Not surprisingly, the demand for protection against all major livestock risks is increasing, but it is by no means comprehensively available. Significant gaps in cover are the norm, even in developed insurance markets and insurance premium directly attributable to livestock insurance remains relatively small on the worldwide scale. From an insurance perspective this primarily reflects the potential scale of loss, limited loss experience, that the standard of loss is not well defined, that events are not independent and that the many and complex factors influencing the ultimate exposure complicate frequency/severity modeling.
Many genes influencing the exposure
The example of Foot & Mouth disease in the U.K. highlights the pace and extent of movement in this risk sector (table 1). While the number of confirmed cases reduced in the later outbreak, the number of animals culled increased more than eight-fold and the loss mushroomed. There were changes that occurred in the intervening years which in part help to explain why the disease came within reach of so many more animals in 2001 and caused a much higher loss:
As a result, in 2001 animals were moved around more frequently and over greater distances between farms, dealers, auction markets, slaughter houses etc., with individual animals sometimes moved up to several times a day. Not surprisingly then, the 1967 primary outbreak was reported before the infected animals had left the farm, whereas the 2001 outbreak was not reported until the animals were already at a slaughterhouse.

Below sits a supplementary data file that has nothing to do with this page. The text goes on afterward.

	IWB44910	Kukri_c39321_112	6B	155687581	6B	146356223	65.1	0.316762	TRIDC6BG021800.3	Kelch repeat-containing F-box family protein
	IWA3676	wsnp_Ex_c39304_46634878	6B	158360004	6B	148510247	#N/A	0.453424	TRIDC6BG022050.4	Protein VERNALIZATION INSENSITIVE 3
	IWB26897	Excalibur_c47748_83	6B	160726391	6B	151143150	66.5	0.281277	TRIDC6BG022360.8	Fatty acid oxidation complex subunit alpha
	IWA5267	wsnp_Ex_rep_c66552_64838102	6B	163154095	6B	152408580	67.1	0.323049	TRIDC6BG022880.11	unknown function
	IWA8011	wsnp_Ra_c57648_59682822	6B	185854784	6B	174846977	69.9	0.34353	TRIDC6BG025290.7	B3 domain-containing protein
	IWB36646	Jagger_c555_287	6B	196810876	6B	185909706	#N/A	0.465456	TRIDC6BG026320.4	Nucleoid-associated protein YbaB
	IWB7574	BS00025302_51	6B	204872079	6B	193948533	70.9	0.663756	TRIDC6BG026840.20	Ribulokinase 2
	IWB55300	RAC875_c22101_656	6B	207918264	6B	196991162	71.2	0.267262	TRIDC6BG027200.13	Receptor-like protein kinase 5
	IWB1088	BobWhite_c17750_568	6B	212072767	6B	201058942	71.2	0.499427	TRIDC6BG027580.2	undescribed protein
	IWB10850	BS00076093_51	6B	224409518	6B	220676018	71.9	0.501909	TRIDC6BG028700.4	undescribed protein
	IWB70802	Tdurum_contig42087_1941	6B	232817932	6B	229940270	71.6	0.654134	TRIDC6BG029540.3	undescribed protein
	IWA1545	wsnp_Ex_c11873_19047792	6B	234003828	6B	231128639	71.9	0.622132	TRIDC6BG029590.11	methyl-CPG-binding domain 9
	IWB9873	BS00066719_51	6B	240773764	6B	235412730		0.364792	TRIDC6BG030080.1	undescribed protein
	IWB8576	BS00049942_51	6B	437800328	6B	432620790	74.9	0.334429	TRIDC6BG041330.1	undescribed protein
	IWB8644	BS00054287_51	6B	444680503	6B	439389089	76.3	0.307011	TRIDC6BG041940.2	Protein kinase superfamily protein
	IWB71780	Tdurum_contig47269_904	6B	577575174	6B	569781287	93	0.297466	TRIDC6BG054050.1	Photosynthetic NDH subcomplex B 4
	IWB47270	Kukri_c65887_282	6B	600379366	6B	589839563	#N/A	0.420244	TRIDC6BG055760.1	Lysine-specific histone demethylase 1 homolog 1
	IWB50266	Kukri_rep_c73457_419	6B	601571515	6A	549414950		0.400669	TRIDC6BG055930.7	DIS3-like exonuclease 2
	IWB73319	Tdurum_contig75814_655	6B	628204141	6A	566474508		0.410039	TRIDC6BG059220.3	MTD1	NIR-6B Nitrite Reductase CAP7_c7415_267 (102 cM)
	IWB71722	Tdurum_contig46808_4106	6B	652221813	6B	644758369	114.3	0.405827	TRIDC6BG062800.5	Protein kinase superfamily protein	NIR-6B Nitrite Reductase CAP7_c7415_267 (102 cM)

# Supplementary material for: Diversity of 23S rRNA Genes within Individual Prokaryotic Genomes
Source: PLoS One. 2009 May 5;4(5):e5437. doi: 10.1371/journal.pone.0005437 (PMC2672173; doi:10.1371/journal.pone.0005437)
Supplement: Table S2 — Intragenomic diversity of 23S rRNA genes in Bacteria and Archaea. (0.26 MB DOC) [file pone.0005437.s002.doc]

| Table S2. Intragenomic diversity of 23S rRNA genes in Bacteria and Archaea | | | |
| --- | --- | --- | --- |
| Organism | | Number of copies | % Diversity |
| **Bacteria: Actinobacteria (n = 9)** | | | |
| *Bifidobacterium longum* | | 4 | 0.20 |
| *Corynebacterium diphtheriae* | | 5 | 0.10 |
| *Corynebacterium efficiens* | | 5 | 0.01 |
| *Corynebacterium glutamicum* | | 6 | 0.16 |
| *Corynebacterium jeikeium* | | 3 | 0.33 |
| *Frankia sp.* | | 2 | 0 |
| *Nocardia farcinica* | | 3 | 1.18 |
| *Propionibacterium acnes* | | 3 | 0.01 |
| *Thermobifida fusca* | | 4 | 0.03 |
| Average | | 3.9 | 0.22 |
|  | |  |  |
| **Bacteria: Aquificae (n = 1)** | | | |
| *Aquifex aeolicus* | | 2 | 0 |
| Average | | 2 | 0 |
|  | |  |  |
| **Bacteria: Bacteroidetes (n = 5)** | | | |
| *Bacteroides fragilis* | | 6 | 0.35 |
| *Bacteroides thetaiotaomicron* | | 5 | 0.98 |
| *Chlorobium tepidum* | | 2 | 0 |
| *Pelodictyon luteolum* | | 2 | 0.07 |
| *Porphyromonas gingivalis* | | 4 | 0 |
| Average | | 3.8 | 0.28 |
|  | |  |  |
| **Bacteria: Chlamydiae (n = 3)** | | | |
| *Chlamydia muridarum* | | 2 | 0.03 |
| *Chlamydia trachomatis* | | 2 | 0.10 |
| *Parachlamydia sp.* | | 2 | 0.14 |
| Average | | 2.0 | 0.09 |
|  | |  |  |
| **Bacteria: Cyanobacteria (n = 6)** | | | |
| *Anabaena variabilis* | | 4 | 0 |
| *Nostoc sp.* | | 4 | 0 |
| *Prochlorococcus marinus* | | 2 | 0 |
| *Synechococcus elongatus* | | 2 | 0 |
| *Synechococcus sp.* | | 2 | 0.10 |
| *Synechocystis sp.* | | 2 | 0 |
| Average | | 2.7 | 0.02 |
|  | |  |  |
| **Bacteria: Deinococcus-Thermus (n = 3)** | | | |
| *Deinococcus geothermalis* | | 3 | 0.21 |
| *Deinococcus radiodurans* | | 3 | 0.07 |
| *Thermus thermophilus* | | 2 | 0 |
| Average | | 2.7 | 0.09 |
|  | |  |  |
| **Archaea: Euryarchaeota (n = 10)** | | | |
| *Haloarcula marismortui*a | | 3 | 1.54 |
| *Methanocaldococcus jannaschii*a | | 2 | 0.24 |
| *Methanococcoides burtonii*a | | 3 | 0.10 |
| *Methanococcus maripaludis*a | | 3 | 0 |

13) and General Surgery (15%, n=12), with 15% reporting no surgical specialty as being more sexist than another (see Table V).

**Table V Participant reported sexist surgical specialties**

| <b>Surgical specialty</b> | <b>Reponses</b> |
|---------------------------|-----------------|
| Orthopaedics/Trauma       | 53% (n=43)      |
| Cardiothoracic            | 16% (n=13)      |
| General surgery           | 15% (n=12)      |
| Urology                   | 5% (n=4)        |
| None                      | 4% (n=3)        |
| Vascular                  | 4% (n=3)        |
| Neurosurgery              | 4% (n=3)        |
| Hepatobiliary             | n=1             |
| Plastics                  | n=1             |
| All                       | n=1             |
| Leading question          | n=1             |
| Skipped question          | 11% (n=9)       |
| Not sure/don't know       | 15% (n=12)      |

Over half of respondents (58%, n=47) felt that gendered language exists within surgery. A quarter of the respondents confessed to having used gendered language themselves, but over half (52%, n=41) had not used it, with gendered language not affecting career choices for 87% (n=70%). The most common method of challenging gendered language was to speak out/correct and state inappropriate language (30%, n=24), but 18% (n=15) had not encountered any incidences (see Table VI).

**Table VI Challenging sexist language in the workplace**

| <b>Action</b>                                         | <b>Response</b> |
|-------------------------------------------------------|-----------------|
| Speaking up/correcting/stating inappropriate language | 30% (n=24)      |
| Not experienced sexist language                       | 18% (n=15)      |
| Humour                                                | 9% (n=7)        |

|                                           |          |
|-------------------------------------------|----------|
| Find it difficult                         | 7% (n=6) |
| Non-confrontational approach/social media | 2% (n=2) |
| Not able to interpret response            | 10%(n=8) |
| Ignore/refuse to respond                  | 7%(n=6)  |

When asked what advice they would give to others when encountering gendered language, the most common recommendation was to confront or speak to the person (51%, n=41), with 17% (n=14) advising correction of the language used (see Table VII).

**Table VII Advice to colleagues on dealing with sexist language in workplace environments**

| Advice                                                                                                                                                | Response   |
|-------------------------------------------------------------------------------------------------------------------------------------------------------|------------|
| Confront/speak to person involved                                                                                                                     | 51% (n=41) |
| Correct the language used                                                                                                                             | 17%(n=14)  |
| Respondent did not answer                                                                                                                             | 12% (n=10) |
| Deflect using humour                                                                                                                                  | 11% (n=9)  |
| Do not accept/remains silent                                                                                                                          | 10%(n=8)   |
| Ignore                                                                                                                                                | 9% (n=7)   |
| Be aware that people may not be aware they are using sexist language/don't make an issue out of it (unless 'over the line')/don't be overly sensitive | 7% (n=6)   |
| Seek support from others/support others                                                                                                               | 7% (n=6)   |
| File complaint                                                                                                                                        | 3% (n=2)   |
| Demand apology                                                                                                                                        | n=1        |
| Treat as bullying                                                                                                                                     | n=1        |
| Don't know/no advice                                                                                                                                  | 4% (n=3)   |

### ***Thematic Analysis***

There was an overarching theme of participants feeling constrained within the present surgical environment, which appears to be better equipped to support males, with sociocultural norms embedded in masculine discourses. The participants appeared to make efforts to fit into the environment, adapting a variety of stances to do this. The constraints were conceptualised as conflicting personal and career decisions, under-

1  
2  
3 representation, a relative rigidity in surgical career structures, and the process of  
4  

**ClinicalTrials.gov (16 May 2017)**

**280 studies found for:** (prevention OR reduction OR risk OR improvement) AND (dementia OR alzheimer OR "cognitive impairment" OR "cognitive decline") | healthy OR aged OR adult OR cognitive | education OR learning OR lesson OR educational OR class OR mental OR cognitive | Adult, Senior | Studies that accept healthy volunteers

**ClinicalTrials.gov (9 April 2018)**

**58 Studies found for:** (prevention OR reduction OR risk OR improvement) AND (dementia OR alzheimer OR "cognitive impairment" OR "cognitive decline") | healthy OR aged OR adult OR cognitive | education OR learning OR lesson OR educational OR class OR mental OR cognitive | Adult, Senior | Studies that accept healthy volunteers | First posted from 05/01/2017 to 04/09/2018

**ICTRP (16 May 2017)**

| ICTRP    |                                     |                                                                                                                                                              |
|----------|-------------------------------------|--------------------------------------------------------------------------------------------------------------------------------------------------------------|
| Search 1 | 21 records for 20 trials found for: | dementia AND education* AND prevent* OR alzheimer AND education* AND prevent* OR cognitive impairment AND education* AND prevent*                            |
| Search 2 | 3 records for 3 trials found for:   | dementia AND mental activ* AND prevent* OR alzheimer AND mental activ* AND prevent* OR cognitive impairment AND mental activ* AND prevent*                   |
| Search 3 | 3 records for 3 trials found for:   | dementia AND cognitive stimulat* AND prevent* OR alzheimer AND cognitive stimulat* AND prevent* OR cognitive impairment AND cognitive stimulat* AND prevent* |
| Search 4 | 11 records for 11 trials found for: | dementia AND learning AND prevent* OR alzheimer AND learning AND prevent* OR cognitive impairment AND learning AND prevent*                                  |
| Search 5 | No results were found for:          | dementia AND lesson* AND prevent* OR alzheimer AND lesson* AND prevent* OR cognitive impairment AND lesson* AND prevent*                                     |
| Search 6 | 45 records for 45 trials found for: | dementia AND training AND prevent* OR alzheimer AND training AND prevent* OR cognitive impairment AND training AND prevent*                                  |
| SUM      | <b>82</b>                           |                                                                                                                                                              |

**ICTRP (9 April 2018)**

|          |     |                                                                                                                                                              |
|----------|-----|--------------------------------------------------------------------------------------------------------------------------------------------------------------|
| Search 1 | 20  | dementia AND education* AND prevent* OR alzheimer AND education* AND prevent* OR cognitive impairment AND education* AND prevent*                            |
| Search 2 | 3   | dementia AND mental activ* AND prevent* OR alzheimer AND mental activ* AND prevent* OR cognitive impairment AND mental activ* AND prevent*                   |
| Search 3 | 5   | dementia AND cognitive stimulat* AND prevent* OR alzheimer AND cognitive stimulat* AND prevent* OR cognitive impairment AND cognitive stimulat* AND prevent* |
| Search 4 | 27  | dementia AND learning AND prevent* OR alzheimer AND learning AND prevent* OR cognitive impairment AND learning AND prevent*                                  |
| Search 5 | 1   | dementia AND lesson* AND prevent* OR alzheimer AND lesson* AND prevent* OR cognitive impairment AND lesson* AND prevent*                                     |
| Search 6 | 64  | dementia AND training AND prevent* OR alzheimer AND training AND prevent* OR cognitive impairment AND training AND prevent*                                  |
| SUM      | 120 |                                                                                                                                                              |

Foot & Mouth Outbreak
|Number of confirmed cases||2,364||1,928|
|Number of animals culled||442,285||3,712,000|
|Number of animals culled under the Livestock Welfare Disposal Scheme||–||1,372,661|
|% of national herd culled||< 1.5%||< 10%|
|Loss||£ 370,000 (economic)||USD 3.3 billion (direct cost to government)|
Table 1: Data on the 1967 and 2001 Foot & Mouth disease outbreaks in the U.K. showing an enormous difference in loss that primarily reflects trends in farming to help meet growing demand and improve efficiencies. With such evolution possible, insuring livestock against disease requires a tailored and careful approach.
The trend in farming (to meet increased demand, streamline process and improve profitability) continues to be towards fewer, larger, higher value and less diversified farming units, alone signifying higher individual direct and consequential exposures. Animals continue to be transported more frequently and over greater distances. Variable local hygiene standards and authority responses, which may change over time, and the increasing sensitivity to human health considerations, (60% of current human diseases have an animal origin5) must also be taken into account, including trends in preventive slaughter: Such severe measures help to mitigate the spread of a disease but also increase individual exposures, destroying both diseased and suspected/possible diseased animals. Although some markets offer limited cover for losses relating to government slaughter, it remains controversial as to whether such exposures are insurable.
Options today and tomorrow for a changed species